Eljuri Headline an Inspiring, Adrenalizing NYCLU Benefit at Drom

by delarue

Wednesday night at Drom, power trio Eljuri had been hinting for awhile that they were going to take the music straight into roots reggae. So when frontwoman/guitarist Cecilia Villar Eljuri finally led the band into a couple of bars of Peter Tosh’s Get Up, Stand Up, and from there into Bob Marley’s Exodus, it was an impactful payoff. The emphasis wasn’t on getting out, but a ‘movement of jah people,” which dovetailed with Eljuri’s own fearlessly relevant, sometimes incendiary lyricism. That defiant, populist focus made the band an apt choice to top the bill at this benefit concert for the New York Civil Liberties Union.

Singing mostly in Spanish in a clear, bright voice, Eljuri’s persistent message was one of resistance and solidarity, through a mix of songs taken mostly from her most recent album La Lucha (The Struggle). Last year this blog called her “this era’s David Gilmour of rock en Español,” and she validated that description. The band opened with the album’s title track, setting the stage for the rest of their hour onstage, Eljuri alternating between jangly, funk-tinged lines and aching, screaming, resonant Pink Floyd-style leads. She hit her twelve-string pedal for a glittering, chimey take of Indiferencia, her drummer – fresh off the plane from Venezuela and already making a mark with his unpredictable, counterintuitive fills – adding cumbia-style flair on the turnaounds.

They built brooding, dramatic intensity with the bolero-tinged anthem El Viento and later took the sound further upward to epic art-rock grandeur with a long, searing take of the revolutionary thirst anthem Sed. Then the band took a turn toward cheery new wave with Right Now. The bassist switched between a terse, low-key pulse and serpentine climbs up the scale, especially when the groove moved further toward the Caribbean. One of the best songs of the night was a darkly stately, slowly crescendoing anthem written by Eljuri’s mom.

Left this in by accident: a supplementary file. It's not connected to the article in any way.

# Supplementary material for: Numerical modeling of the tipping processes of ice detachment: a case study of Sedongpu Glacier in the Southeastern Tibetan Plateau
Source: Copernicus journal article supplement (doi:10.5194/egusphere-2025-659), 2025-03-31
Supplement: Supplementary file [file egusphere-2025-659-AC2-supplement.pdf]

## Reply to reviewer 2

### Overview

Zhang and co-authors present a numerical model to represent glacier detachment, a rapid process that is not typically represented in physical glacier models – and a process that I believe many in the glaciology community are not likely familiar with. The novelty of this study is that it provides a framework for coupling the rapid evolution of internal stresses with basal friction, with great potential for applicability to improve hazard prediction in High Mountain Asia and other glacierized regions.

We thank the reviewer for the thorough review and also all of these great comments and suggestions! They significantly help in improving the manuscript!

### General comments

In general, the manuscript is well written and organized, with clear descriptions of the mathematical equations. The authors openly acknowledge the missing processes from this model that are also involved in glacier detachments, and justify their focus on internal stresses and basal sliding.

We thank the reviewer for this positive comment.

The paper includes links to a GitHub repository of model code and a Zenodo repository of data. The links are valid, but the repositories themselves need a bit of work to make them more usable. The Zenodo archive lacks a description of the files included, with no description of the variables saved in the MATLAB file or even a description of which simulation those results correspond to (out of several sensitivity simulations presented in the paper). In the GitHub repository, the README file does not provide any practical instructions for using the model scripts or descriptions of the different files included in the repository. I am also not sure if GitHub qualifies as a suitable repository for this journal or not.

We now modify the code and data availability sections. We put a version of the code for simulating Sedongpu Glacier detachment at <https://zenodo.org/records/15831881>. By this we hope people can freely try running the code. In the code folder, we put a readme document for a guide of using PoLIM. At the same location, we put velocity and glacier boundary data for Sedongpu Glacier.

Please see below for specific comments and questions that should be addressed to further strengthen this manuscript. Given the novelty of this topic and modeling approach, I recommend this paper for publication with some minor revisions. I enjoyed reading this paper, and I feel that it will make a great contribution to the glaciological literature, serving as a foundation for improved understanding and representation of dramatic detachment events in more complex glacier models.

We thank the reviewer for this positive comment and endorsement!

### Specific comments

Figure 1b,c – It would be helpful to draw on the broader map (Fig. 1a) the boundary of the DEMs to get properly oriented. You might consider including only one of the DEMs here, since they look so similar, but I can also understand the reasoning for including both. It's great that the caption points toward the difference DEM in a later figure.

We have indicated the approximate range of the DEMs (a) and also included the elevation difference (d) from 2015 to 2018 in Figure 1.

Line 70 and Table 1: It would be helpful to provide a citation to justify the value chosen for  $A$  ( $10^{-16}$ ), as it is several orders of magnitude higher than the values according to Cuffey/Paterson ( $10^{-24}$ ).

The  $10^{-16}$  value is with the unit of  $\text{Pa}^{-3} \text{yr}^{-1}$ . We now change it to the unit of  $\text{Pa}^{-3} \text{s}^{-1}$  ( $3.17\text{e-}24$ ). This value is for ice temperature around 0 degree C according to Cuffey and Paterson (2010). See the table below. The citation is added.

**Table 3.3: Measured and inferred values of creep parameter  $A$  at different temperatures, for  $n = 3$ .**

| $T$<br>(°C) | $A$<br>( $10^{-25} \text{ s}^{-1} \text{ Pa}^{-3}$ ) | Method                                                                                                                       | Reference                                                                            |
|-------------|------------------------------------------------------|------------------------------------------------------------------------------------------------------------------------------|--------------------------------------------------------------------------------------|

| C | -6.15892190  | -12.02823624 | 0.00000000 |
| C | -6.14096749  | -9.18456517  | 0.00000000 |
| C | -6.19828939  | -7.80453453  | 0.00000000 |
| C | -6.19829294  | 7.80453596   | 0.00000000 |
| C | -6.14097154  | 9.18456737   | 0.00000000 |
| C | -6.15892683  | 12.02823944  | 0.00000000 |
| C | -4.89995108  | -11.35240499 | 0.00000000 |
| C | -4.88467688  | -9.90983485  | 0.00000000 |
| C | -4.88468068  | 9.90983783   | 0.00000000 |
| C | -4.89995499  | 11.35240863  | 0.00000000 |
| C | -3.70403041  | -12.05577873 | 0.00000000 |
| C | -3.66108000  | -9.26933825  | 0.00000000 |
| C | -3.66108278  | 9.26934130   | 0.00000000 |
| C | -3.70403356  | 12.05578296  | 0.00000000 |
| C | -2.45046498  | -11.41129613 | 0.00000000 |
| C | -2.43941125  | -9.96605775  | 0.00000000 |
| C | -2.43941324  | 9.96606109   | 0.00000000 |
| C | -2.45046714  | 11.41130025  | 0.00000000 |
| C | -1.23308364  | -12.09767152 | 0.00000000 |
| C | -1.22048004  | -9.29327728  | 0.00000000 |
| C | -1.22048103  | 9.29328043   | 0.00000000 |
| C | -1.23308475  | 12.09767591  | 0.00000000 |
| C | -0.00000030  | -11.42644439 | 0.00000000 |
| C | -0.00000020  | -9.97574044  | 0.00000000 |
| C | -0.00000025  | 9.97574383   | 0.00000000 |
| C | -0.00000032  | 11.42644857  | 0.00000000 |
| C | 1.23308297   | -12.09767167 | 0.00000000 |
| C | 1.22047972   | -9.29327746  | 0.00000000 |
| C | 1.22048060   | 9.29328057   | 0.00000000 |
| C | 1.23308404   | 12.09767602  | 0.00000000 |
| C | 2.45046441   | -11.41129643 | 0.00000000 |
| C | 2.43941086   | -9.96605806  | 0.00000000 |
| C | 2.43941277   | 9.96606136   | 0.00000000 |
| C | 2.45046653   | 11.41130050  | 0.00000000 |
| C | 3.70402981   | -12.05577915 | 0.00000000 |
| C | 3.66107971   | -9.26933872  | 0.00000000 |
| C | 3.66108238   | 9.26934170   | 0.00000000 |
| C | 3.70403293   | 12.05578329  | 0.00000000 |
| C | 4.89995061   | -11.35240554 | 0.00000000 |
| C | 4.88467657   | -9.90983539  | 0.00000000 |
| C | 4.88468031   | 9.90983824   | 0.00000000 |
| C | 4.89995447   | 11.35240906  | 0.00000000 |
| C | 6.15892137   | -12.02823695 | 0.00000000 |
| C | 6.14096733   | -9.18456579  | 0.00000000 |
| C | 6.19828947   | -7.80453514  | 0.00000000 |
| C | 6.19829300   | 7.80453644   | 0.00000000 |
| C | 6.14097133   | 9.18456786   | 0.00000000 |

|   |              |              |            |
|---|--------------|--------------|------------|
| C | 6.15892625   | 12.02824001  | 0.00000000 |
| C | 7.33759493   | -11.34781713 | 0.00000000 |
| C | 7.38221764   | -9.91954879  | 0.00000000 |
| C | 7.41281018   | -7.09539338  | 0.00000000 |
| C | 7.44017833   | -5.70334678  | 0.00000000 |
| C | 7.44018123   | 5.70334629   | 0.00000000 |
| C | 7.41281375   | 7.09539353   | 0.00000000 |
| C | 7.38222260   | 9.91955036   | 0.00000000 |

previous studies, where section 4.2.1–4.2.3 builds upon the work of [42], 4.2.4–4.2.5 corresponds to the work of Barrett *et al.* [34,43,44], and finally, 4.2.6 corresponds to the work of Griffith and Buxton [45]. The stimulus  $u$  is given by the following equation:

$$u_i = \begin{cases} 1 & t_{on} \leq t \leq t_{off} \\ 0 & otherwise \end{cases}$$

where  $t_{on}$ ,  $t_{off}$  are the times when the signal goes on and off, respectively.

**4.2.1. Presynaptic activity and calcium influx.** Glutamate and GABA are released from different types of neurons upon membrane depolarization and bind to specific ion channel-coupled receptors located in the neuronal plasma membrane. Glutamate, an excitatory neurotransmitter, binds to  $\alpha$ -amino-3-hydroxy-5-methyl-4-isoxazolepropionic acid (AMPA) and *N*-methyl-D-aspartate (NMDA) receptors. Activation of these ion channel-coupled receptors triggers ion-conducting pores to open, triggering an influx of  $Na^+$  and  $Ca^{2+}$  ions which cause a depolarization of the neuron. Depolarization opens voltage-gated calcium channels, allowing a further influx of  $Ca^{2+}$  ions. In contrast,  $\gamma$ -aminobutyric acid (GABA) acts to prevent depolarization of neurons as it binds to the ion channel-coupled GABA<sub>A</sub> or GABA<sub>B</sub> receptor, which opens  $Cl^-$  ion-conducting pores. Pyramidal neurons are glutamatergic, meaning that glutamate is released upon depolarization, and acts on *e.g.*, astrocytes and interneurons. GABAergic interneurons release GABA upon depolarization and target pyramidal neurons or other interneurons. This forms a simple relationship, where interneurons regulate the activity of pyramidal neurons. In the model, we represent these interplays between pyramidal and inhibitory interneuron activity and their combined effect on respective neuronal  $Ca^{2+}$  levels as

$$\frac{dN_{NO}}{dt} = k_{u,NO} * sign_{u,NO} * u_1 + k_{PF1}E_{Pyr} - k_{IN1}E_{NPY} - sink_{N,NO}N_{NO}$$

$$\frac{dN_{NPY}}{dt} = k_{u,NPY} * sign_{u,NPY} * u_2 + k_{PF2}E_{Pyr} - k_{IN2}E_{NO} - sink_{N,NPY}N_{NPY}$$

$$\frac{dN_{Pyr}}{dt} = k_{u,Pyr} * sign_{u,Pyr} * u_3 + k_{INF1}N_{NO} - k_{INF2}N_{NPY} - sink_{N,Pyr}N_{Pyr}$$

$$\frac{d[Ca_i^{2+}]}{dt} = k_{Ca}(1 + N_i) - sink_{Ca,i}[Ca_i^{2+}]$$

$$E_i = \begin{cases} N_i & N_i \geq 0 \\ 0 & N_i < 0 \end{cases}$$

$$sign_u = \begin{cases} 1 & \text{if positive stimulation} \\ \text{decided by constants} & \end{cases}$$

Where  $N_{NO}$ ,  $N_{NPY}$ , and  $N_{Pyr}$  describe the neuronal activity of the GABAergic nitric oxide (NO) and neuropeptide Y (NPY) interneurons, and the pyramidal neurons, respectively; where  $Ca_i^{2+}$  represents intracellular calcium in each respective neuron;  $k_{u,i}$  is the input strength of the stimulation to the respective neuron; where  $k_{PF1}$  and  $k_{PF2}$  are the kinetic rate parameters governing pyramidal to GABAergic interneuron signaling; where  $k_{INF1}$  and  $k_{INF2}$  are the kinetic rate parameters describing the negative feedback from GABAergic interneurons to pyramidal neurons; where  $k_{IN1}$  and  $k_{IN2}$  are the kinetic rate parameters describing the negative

Ani Cordero played an elegantly impassioned opening set solo on nylon-string guitar, drawing mostly from her latest, fearlessly political album Querido Mundo. Calmly and resolutely, she reminded that crowd that in times like these, we shouldn’t get too escapist: if there was ever a moment to be a presence protesting the daily lunacy wafting from the Oval Office, that time is now. She got the crowd singing along to the insistently bouncy anti-police brutality anthem Me Tumba, then ran through Victor Jara’s bittersweet protest song Deja la Vida Volar, from her 2014 album of classic political songs, Recordar. She closed with a jaunty take of the old Puerto Rican plena hit Ay Choferito.

A lawyer from the NYCLU explained between sets that one new constituency they’ve been helping since the Swamp Cabinet took office is latino immigrants on Long Island, whose children are being detained by police under the pretext of investigating gang involvement. When the cops don’t find any reason to hold the kids any longer, they turn them over to the INS.

Drom continues to be Manhattan’s home to interesting sounds from around the globe: the acts we’ll be seeing at Lincoln Center in the coming years typically make their US debut here. One auspicious upcoming show here is on Sept 30 at 8 with wild accordion-driven Chilean psychedelic band Pascuala Ilabaca y Fauna making their US debut. $15 adv tix are highly recommended.

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